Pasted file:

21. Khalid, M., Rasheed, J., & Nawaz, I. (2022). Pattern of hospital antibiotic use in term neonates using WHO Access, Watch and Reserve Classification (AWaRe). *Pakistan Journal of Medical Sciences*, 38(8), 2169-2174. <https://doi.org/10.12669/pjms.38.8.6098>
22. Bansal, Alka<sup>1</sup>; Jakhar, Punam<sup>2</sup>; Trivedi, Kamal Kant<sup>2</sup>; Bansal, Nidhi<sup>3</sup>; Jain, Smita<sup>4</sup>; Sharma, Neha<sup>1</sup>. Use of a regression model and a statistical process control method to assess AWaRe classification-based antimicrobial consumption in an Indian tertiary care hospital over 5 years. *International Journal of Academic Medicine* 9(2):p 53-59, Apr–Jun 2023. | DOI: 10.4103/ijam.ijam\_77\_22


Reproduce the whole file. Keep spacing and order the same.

21. Khalid, M., Rasheed, J., & Nawaz, I. (2022). Pattern of hospital antibiotic use in term neonates using WHO Access, Watch and Reserve Classification (AWaRe). *Pakistan Journal of Medical Sciences*, 38(8), 2169-2174. <https://doi.org/10.12669/pjms.38.8.6098>
22. Bansal, Alka<sup>1</sup>; Jakhar, Punam<sup>2</sup>; Trivedi, Kamal Kant<sup>2</sup>; Bansal, Nidhi<sup>3</sup>; Jain, Smita<sup>4</sup>; Sharma, Neha<sup>1</sup>. Use of a regression model and a statistical process control method to assess AWaRe classification-based antimicrobial consumption in an Indian tertiary care hospital over 5 years. *International Journal of Academic Medicine* 9(2):p 53-59, Apr–Jun 2023. | DOI: 10.4103/ijam.ijam\_77\_22